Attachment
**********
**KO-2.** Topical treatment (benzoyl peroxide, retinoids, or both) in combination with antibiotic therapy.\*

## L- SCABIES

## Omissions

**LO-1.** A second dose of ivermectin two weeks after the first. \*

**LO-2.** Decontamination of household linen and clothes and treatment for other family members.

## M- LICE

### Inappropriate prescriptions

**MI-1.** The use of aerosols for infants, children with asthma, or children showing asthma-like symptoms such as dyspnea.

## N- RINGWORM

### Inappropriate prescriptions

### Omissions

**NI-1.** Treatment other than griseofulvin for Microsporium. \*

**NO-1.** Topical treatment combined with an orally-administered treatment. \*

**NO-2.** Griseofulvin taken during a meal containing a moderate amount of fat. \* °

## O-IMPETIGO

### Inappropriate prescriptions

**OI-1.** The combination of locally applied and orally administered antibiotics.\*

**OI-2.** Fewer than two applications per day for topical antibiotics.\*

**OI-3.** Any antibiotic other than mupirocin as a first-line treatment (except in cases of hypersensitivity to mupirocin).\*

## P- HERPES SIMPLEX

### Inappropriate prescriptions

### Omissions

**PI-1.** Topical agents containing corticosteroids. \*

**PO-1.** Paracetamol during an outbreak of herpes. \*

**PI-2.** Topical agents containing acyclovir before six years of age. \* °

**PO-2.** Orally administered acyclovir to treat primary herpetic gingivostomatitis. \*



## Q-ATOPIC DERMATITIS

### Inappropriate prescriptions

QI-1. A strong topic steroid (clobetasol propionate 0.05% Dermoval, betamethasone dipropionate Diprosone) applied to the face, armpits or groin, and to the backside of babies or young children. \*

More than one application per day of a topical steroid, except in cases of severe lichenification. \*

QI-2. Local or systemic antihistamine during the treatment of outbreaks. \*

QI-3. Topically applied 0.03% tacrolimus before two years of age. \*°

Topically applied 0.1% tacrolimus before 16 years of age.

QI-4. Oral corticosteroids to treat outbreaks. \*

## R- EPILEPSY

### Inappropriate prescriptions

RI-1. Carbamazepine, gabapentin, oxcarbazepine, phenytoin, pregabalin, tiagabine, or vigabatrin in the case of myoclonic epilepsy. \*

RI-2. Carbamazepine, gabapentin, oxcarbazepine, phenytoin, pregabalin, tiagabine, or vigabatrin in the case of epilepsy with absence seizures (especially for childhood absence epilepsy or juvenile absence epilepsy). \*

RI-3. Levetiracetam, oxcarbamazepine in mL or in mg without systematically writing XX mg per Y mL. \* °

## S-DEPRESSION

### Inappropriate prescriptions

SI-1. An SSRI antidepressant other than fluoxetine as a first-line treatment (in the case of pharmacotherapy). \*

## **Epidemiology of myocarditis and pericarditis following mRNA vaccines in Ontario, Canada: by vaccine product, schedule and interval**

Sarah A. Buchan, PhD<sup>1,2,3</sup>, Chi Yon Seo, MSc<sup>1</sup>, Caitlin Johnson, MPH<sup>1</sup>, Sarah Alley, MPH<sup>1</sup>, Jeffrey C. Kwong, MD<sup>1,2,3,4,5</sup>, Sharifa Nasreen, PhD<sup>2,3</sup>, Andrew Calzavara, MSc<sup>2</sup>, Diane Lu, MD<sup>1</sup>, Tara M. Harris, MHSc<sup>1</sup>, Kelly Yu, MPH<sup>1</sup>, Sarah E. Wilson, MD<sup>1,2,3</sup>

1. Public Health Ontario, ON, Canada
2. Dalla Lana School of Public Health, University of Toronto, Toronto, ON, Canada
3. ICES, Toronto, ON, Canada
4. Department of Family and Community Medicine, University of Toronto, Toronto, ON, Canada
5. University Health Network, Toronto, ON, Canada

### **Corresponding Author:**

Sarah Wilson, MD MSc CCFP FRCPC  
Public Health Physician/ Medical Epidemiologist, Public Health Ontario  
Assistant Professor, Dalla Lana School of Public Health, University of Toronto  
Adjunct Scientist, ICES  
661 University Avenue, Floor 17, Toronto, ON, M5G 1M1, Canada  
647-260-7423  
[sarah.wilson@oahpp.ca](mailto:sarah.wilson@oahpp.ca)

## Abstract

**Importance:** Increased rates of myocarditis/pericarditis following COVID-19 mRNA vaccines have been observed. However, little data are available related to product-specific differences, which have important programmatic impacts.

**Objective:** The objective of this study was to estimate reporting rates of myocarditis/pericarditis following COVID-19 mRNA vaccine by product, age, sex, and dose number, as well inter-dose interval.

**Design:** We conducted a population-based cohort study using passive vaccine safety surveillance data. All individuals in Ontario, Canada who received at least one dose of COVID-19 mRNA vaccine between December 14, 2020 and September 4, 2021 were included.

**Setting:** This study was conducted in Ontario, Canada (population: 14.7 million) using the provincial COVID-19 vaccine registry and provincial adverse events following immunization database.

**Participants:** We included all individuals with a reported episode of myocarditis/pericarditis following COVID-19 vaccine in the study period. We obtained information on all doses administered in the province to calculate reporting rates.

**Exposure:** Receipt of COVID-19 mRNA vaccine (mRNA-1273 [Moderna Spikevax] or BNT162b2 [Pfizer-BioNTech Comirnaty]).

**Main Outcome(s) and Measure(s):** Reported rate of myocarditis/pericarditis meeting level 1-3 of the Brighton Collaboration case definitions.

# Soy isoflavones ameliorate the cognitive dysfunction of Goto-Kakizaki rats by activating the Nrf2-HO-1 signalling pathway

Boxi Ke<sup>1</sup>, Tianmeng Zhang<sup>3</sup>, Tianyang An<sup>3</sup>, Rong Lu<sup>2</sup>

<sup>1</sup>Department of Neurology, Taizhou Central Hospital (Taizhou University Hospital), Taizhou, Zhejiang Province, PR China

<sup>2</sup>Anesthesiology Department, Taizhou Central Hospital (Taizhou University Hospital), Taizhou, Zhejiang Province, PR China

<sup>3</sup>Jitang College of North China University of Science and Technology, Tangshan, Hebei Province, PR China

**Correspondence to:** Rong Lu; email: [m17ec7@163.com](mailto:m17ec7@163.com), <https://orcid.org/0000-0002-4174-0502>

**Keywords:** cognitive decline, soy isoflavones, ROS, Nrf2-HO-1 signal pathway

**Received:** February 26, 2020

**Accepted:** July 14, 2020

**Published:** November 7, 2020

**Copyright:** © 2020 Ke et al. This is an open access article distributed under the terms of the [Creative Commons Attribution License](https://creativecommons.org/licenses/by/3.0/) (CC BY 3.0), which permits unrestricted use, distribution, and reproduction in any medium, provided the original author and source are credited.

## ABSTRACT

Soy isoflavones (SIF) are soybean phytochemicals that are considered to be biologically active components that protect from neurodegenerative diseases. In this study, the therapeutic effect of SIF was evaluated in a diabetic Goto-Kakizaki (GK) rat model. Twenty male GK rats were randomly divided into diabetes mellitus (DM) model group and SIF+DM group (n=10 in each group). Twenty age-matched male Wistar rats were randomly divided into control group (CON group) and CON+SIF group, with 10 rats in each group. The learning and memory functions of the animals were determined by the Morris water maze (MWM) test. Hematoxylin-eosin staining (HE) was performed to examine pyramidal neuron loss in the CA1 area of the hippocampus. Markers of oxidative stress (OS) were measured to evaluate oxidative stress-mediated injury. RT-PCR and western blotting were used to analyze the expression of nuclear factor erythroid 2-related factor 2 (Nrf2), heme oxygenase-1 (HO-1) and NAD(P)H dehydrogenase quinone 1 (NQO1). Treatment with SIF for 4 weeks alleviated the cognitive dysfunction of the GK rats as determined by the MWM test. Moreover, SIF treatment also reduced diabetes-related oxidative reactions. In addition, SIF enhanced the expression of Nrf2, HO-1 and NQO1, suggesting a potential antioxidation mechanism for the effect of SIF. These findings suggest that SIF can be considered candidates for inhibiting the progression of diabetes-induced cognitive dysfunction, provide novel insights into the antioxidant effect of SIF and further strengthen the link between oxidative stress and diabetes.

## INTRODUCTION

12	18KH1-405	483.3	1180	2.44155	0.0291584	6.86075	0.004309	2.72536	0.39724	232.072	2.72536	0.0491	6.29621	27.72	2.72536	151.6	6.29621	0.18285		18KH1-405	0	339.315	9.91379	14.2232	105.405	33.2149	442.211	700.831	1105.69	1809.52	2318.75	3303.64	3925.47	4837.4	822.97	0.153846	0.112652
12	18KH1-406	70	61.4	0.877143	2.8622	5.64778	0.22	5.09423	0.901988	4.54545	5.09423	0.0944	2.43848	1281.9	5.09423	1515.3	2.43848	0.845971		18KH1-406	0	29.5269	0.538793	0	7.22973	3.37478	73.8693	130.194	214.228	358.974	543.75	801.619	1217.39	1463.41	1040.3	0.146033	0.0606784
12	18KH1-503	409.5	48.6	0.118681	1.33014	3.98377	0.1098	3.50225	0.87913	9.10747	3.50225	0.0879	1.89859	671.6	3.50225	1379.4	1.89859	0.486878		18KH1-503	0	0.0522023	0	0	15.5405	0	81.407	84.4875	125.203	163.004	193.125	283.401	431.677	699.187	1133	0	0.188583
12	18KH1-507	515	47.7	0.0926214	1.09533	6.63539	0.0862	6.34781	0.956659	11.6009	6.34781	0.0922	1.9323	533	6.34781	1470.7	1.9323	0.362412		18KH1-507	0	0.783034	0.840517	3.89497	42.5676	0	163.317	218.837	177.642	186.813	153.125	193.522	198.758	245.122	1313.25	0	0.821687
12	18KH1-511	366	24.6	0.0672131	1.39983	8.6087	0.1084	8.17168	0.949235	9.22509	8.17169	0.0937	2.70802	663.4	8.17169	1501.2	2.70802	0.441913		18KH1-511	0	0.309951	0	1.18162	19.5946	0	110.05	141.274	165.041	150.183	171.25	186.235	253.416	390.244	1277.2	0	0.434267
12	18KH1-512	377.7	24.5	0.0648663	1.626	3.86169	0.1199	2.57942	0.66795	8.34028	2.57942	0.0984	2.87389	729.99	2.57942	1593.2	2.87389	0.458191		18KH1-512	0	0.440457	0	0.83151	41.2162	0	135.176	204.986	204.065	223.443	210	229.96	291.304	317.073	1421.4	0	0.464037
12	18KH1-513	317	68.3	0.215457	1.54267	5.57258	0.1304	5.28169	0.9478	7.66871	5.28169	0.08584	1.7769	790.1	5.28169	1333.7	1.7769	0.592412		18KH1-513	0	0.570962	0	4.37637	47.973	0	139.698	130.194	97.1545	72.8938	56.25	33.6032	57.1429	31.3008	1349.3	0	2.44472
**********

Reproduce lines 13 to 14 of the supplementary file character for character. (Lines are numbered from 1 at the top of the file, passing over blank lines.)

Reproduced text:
**NO-1.** Topical treatment combined with an orally-administered treatment. \*

**NO-2.** Griseofulvin taken during a meal containing a moderate amount of fat. \* °